IRVINE, Calif. – March 6, 2014 – CoreLogic released new analysis showing that 4 million U.S. homes returned to positive equity in 2013. Overall, 42.7 million mortgage homeowners have equity (86.7 percent); 6.5 million homes (13.3 percent) do not.
Florida ranked second in the number of mortgaged owners who were underwater in 2013. Overall, 28.1 percent of homes with a mortgage were underwater. An additional 3.6% of mortgaged Fla. homes are barely above water.
Due to a small slowdown in the quarterly growth rate of the CoreLogic’s Home Price Index, the negative equity share was virtually unchanged from the third quarter of 2013.
Negative equity, often referred to as “underwater” or “upside down,” means that borrowers owe more on their mortgages than their homes are worth. Negative equity can occur because of a decline in value, an increase in mortgage debt or a combination of both. Borrowers with less than 20-percent equity are referred to as “under-equitied.” Borrowers with less than 5 percent equity are considered “near-negative.”
Under-equitied mortgages accounted for 21.1 percent of all residential properties with a mortgage nationwide in 2013, with more than 1.6 million residential properties at near-negative equity.
“The plight of the underwater borrower has improved dramatically since negative equity peaked in December 2009 when more than 12 million mortgaged homeowners were underwater,” says Mark Fleming, chief economist for CoreLogic. “Over the past four years, more than 5.5 million homeowners have regained equity, reducing their risk of foreclosure and unlocking pent-up supply in the housing market.”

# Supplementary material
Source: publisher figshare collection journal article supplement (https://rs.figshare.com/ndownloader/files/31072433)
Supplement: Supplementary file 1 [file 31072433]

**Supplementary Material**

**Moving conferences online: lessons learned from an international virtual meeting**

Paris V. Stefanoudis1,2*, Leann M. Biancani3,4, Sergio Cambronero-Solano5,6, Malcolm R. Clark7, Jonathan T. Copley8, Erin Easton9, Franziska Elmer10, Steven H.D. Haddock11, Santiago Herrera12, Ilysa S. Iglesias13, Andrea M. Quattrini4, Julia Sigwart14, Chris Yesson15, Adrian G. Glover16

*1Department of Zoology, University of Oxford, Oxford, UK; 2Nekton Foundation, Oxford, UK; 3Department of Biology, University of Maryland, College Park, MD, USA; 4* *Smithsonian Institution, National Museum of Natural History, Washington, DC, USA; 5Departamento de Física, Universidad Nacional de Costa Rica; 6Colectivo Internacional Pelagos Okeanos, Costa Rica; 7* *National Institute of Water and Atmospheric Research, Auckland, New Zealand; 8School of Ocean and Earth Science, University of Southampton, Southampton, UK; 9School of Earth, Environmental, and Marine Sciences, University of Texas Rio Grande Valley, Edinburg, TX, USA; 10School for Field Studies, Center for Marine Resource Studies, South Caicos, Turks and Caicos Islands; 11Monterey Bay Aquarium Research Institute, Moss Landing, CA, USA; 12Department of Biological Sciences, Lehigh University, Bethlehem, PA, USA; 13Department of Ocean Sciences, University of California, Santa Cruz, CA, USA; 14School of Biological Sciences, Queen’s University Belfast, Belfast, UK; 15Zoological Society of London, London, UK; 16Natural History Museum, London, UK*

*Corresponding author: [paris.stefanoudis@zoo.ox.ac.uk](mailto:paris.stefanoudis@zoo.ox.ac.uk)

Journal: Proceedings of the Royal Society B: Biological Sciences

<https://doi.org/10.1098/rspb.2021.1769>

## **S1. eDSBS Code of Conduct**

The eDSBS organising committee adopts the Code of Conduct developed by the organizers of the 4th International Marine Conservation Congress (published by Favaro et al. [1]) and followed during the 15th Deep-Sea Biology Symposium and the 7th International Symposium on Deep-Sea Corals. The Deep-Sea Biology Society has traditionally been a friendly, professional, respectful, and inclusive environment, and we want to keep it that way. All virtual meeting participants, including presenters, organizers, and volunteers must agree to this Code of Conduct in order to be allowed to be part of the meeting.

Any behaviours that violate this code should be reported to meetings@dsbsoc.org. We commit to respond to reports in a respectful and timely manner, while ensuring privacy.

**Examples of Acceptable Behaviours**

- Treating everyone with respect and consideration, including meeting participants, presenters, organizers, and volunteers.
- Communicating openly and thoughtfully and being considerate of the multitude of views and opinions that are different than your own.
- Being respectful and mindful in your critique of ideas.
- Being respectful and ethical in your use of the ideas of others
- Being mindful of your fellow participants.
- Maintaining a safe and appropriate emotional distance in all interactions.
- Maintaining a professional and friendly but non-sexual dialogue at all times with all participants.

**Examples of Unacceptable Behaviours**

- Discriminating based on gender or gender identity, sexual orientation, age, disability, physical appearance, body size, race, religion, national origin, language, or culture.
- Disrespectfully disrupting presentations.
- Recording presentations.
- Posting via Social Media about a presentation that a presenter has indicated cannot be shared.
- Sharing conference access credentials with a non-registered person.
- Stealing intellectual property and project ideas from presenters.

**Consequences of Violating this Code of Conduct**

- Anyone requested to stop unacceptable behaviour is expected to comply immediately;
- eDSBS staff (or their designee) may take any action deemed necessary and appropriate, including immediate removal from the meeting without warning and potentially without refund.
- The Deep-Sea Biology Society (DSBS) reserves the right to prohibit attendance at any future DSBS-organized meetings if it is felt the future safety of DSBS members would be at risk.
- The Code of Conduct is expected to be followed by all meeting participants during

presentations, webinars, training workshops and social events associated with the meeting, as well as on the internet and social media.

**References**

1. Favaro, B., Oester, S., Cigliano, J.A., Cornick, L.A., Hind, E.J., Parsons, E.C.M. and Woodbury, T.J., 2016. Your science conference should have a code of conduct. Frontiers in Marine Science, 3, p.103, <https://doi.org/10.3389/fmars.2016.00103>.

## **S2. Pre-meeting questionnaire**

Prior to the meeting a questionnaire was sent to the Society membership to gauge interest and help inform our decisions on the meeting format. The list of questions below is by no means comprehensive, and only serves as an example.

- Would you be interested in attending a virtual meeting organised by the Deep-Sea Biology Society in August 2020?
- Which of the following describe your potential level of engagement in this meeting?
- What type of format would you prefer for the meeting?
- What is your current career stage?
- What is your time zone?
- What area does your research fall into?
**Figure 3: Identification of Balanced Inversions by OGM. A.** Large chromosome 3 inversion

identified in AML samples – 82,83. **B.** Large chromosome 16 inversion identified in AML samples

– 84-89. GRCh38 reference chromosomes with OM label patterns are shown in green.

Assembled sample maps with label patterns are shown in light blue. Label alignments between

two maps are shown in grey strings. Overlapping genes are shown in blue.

“Stability and growth in the housing market are essential for a durable recovery of the U.S. economy,” adds Anand Nallathambi, president and CEO of CoreLogic. “We still have a long way to go to eliminate the negative equity overhang but significant progress is being made every day across most of the country.”
2013 report highlights
• Nevada had the highest percentage of mortgaged properties in negative equity at 30.4 percent, followed by Florida (28.1 percent), Arizona (21.5 percent), Ohio (19.0 percent) and Illinois (18.7 percent). The top five states accounted for 36.9 percent of negative equity in the United States.
• Of the 25 largest Core Based Statistical Areas (CBSAs) based on population, Orlando-Kissimmee-Sanford, Fla., had the highest percentage of mortgaged properties in negative equity at 31.5 percent, followed by Tampa-St. Petersburg-Clearwater, Fla. (30.4 percent), Phoenix-Mesa-Scottsdale, Ariz. (22.1 percent), Chicago-Naperville-Arlington Heights, Ill. (21.4 percent) and Atlanta-Sandy Springs-Roswell, Ga. (19.9 percent).
• Approximately 3.9 million upside-down borrowers hold first liens without home equity loans. The average mortgage balance for this group of borrowers is $219,000. The average underwater amount is $52,000.
• Approximately 2.6 million upside-down borrowers hold both first and second liens. The average mortgage balance for this group of borrowers is $293,000. The average underwater amount is $75,000.
• The bulk of home equity for mortgaged properties is concentrated at the high end of the housing market. For example, 92 percent of homes valued at greater than $200,000 have equity compared with 81 percent of homes valued at less than $200,000.
© 2014 Florida Realtors®
Reprinted with permission. Florida Realtors®. All rights reserved.
Posted by Rusty Abbott